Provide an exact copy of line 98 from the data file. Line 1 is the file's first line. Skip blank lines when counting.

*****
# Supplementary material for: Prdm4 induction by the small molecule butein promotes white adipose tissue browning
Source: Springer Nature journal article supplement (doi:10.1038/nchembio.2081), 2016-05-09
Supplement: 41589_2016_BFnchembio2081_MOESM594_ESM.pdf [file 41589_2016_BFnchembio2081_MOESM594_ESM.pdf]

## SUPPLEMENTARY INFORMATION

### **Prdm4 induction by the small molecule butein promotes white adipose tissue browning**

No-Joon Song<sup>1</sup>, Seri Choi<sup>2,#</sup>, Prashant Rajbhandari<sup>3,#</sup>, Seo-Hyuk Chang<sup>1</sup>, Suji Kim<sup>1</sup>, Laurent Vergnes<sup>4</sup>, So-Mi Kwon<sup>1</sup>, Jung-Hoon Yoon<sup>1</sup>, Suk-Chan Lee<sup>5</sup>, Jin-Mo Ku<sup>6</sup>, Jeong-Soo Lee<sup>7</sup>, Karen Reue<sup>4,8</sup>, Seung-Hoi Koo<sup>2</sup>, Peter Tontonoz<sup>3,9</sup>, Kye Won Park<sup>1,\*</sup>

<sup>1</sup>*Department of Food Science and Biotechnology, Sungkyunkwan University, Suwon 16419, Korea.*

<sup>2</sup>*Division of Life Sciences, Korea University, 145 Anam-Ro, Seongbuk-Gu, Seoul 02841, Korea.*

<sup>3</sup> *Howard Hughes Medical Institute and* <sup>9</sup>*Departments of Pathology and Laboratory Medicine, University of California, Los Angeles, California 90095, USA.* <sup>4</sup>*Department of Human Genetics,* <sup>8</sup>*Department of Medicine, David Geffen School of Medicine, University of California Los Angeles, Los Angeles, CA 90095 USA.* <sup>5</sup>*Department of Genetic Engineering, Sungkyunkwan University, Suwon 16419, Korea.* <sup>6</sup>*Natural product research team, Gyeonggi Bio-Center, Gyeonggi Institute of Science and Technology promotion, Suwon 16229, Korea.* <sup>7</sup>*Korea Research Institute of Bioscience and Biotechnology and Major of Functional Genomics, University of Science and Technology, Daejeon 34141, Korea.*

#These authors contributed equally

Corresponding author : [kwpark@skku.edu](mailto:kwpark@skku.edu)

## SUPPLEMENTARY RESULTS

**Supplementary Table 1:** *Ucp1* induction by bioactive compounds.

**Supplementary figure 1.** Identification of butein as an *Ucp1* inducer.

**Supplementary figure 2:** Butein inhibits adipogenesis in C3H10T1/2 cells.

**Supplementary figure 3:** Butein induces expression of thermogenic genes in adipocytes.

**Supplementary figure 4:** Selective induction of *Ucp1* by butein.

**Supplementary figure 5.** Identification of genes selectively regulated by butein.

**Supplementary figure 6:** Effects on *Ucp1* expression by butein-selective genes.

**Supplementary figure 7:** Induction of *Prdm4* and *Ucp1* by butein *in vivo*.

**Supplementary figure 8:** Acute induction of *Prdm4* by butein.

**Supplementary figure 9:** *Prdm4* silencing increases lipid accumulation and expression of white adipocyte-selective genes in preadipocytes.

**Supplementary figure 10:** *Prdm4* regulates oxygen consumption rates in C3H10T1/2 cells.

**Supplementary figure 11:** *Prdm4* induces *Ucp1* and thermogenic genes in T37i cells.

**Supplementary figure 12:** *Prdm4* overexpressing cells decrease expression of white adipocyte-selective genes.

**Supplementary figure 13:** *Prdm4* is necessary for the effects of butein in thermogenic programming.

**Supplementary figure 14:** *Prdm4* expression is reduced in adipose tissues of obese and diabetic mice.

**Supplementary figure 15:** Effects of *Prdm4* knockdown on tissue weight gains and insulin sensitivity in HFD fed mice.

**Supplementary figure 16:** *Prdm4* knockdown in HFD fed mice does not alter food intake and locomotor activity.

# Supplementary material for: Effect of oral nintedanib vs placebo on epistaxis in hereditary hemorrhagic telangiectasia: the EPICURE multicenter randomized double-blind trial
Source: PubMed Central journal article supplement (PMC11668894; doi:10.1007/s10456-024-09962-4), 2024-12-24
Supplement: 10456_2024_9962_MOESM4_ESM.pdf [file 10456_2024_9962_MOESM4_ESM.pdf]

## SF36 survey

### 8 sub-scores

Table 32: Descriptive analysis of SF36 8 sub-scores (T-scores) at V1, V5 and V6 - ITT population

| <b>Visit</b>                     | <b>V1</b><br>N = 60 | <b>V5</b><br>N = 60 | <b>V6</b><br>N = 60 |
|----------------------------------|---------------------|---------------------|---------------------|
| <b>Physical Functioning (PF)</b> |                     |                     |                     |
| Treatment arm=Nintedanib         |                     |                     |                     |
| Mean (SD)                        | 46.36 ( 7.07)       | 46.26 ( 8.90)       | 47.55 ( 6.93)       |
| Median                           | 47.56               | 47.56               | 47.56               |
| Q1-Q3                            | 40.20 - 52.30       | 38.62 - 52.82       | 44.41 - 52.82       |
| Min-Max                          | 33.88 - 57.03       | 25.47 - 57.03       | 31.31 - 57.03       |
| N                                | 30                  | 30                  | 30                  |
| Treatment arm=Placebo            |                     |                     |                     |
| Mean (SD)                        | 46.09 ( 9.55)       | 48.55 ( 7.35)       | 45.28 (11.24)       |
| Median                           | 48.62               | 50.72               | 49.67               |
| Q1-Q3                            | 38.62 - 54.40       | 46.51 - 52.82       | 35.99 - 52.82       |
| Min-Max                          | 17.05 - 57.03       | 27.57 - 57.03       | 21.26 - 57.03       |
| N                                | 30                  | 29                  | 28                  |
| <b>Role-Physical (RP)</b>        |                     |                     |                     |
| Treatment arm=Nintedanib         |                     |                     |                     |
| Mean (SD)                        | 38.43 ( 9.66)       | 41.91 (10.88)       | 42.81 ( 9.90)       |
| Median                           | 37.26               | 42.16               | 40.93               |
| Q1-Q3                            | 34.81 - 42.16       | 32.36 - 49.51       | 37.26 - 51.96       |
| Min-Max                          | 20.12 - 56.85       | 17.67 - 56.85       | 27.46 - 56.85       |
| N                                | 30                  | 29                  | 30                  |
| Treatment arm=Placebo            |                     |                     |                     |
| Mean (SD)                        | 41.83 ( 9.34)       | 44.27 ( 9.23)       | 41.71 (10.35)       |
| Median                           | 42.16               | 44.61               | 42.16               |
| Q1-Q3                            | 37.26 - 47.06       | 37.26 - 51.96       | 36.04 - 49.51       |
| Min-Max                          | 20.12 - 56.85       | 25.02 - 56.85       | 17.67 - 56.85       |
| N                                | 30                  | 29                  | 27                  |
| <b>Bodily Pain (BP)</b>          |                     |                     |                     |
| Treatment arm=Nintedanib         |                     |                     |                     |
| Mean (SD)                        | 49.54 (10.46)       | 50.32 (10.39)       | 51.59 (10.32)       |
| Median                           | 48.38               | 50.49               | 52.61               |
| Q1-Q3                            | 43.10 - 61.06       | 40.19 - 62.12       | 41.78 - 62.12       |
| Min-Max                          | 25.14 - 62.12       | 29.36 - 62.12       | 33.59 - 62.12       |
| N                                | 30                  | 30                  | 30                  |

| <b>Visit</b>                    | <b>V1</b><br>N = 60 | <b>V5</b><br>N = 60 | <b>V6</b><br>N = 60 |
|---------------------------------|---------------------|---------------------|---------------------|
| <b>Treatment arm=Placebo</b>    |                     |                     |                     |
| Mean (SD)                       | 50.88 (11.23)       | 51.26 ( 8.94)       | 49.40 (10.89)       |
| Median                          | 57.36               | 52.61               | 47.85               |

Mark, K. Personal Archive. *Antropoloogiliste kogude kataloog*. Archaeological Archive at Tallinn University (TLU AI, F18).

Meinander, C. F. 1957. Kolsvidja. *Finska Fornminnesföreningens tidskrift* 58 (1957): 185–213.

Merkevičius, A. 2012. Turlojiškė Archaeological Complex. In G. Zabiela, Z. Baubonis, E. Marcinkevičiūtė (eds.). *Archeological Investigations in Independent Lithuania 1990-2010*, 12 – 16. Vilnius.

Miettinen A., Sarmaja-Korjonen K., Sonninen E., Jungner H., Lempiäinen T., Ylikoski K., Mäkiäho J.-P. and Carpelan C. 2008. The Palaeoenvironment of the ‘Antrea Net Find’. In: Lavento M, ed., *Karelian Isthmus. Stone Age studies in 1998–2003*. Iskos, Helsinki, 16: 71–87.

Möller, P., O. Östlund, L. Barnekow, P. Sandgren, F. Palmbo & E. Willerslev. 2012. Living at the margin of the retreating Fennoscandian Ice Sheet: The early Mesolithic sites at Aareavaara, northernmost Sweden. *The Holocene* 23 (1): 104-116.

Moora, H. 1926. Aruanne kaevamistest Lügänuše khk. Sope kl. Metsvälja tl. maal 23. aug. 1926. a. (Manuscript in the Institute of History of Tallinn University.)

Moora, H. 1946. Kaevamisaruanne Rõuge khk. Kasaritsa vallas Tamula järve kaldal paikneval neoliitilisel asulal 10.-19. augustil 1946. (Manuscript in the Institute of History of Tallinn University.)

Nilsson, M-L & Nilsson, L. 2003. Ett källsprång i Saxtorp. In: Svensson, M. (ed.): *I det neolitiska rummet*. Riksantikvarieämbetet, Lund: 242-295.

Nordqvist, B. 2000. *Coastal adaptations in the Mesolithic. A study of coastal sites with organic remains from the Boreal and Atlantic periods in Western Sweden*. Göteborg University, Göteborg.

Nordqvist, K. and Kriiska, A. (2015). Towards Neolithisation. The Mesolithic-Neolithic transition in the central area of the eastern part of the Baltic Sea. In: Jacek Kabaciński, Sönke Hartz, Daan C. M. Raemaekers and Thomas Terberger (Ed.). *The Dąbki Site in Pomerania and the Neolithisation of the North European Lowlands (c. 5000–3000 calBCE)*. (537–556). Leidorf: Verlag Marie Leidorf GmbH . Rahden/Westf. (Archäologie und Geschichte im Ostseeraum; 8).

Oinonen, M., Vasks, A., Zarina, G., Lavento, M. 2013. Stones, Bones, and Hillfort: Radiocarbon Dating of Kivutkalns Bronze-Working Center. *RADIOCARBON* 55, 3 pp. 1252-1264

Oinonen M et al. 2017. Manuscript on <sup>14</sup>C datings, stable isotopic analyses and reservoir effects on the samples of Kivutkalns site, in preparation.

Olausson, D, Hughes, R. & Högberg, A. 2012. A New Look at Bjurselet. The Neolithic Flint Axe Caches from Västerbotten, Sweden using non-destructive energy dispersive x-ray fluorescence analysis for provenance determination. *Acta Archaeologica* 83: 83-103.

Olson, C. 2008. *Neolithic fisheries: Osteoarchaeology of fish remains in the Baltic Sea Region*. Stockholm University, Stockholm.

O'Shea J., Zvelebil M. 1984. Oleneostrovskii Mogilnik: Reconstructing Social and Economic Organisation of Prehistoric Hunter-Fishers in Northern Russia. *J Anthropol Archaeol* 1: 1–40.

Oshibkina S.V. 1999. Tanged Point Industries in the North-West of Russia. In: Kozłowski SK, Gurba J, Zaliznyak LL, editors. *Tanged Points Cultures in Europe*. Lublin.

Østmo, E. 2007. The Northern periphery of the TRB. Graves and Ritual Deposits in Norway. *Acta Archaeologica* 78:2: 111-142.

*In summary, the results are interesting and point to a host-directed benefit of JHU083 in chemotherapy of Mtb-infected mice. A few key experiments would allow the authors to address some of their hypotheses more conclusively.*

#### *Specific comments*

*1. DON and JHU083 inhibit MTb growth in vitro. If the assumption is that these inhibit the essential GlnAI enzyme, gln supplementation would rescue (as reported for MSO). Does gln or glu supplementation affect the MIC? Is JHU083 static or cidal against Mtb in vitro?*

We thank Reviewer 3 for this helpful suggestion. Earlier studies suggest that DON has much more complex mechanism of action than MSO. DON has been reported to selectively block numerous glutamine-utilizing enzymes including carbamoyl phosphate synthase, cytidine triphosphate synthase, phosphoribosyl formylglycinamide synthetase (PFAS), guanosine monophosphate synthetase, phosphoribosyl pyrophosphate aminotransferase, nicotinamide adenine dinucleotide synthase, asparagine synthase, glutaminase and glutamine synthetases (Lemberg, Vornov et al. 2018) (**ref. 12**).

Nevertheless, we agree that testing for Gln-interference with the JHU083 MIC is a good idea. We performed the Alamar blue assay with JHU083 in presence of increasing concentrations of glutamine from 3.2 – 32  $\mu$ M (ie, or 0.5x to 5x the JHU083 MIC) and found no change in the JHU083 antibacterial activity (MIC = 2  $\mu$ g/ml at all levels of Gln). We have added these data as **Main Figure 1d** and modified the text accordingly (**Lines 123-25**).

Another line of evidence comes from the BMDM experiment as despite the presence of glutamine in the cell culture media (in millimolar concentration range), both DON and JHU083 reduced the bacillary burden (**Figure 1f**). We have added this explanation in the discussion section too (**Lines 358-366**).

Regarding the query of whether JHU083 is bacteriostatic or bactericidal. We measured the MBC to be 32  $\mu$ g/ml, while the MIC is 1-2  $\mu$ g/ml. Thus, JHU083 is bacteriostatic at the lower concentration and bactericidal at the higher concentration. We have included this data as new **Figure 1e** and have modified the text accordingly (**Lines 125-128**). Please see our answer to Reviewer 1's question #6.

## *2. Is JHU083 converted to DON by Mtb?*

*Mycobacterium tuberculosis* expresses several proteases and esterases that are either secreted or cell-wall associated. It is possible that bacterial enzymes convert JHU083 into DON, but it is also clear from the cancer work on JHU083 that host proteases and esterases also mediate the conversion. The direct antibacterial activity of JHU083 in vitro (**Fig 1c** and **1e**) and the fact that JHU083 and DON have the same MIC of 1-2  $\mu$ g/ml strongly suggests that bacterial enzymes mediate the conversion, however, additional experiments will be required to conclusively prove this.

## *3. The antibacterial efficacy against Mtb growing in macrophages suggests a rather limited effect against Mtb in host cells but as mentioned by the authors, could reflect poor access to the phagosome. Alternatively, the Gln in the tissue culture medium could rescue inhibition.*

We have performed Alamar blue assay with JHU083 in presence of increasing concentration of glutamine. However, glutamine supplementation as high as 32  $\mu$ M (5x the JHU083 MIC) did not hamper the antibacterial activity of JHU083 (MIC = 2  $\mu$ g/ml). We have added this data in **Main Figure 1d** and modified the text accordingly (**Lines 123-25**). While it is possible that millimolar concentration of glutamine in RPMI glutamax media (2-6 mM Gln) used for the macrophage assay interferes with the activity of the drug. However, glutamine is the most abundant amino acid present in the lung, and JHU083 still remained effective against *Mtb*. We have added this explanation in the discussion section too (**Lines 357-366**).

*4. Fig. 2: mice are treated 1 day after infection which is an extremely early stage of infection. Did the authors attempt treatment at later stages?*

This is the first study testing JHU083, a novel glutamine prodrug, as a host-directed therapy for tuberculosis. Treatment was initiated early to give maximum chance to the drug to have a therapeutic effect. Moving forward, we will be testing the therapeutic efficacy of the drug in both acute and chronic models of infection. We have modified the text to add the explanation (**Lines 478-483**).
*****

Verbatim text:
Another line of evidence comes from the BMDM experiment as despite the presence of glutamine in the cell culture media (in millimolar concentration range), both DON and JHU083 reduced the bacillary burden (**Figure 1f**). We have added this explanation in the discussion section too (**Lines 358-366**).